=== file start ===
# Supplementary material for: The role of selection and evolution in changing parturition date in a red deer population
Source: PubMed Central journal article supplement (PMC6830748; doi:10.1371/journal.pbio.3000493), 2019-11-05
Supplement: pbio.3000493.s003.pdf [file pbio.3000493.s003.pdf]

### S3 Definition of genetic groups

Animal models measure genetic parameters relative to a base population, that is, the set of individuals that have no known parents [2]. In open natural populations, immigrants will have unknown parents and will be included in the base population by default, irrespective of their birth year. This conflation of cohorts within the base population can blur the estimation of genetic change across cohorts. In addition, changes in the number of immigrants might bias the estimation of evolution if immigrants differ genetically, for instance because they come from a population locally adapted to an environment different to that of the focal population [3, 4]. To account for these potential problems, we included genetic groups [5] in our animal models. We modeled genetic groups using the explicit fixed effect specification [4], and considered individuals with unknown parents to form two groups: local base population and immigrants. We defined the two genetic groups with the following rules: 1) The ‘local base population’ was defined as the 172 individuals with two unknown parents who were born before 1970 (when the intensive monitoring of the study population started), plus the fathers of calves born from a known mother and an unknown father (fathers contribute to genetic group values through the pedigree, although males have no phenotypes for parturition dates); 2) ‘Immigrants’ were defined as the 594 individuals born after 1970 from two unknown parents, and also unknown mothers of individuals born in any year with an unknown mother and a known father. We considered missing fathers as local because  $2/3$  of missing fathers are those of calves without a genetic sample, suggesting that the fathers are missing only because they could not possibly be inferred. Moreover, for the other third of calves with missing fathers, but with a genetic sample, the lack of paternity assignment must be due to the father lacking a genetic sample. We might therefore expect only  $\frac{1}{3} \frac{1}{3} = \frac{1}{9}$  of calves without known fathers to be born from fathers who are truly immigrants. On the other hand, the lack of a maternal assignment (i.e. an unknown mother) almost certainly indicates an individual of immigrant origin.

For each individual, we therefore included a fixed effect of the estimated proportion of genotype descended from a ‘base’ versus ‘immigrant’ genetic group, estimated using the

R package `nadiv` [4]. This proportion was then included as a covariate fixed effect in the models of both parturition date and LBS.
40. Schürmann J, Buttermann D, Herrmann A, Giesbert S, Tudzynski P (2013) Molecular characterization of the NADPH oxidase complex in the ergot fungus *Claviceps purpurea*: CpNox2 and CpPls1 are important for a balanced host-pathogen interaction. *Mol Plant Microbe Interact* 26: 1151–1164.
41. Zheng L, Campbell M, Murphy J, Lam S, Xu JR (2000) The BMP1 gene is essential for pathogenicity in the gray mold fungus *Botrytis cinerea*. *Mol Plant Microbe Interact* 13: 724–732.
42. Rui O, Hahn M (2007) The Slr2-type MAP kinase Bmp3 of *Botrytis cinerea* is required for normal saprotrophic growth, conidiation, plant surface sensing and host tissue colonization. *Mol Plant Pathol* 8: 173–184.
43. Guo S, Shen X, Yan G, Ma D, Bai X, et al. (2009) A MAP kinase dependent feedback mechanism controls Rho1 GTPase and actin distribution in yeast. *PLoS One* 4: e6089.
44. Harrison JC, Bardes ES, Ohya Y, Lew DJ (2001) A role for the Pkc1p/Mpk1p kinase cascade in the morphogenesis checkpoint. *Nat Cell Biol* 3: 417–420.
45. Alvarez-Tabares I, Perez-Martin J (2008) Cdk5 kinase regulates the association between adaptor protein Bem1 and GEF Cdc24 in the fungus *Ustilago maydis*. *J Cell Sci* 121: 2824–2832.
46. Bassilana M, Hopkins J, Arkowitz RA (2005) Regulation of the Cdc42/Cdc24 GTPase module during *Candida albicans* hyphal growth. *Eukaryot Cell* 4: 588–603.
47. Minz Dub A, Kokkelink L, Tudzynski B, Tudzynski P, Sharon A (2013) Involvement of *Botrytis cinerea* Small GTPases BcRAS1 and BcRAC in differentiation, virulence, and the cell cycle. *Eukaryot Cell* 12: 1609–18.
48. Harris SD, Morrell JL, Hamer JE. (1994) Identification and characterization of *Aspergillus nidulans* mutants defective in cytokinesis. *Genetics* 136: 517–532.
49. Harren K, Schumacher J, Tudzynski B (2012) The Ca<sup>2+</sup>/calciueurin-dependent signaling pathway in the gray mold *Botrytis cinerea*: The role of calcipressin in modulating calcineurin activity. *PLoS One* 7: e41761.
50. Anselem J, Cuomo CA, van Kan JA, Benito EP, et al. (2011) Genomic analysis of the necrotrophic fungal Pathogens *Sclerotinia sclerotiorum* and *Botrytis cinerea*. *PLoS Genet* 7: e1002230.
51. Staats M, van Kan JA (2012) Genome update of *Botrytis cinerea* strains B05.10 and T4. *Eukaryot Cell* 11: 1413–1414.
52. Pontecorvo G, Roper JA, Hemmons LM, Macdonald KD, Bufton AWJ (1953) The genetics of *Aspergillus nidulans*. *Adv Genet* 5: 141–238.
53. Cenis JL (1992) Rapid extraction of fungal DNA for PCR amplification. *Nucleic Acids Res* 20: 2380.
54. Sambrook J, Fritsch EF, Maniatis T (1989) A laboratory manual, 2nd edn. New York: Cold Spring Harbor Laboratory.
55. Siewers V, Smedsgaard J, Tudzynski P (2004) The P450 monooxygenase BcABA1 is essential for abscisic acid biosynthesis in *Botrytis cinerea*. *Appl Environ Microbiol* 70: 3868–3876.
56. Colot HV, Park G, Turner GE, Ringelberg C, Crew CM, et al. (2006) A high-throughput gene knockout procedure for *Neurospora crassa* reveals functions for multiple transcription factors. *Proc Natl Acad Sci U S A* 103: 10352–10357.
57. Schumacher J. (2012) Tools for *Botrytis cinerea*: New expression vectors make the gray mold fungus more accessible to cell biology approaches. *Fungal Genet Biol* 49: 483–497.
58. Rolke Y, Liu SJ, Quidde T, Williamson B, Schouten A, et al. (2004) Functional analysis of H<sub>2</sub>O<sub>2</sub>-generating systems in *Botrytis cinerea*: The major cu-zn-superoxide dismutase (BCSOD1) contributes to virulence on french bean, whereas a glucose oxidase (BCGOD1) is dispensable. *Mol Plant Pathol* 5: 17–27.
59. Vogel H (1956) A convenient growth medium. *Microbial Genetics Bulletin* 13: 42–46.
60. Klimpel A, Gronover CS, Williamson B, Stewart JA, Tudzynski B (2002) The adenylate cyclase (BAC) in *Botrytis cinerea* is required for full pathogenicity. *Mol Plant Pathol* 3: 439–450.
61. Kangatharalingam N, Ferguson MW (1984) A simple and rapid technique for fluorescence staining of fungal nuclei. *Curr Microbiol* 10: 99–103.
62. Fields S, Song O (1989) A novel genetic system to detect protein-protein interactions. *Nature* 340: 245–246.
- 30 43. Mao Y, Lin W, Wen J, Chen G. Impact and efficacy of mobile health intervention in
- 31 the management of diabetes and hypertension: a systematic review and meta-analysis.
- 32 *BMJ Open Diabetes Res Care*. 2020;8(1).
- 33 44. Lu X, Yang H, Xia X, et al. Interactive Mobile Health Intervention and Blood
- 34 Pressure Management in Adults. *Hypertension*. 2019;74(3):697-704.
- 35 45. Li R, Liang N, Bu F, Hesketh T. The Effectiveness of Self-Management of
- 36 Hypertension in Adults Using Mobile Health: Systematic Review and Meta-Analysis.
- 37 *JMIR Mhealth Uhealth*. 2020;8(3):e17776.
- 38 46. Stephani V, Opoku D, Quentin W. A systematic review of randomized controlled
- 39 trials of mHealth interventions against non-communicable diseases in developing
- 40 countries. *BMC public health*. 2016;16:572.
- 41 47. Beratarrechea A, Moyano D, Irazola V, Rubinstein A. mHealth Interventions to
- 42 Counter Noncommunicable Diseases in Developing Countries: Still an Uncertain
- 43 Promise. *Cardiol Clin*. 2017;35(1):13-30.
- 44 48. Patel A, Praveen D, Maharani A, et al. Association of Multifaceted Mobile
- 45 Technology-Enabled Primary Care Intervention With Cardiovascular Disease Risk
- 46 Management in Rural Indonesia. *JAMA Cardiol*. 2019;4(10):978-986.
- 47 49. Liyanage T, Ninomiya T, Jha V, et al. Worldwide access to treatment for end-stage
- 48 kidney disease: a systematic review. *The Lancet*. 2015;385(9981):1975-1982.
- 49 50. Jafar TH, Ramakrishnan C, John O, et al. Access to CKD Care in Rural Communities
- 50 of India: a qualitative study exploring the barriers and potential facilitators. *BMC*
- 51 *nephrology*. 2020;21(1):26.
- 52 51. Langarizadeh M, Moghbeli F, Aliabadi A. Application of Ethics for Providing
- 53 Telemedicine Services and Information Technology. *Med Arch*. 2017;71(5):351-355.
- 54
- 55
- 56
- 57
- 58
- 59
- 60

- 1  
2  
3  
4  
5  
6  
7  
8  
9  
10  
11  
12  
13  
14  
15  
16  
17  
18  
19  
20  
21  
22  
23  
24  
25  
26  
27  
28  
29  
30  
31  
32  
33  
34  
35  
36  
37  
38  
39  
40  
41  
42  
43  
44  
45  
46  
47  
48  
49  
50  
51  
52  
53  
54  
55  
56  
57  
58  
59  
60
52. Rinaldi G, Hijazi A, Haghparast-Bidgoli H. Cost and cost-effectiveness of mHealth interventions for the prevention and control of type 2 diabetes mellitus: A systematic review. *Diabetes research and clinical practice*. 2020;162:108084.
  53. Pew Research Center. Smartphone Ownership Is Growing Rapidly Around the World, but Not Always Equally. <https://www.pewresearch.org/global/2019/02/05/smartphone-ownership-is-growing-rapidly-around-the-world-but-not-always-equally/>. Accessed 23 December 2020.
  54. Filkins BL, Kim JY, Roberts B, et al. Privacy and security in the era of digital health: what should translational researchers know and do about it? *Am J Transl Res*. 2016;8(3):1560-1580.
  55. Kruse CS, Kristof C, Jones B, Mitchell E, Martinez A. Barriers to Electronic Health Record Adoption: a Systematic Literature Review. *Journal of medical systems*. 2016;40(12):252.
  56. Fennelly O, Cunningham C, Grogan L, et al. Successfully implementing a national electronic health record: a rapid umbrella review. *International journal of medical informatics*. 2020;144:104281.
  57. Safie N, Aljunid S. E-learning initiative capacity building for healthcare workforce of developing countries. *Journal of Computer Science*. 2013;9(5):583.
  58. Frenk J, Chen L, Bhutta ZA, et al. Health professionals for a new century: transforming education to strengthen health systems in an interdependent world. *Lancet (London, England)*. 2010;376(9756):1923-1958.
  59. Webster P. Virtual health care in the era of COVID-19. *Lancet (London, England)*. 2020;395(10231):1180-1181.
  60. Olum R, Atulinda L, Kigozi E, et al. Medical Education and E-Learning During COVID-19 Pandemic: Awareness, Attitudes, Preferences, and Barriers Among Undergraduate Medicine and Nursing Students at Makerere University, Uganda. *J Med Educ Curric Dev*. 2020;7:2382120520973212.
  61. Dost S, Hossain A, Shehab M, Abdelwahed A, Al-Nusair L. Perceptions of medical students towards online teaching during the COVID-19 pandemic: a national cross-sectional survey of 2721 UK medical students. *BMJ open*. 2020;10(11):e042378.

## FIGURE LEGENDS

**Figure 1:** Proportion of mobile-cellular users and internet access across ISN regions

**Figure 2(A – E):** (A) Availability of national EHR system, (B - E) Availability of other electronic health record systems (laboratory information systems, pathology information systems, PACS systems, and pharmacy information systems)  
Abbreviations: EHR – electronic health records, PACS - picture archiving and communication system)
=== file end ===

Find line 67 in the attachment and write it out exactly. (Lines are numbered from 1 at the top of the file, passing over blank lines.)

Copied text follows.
6  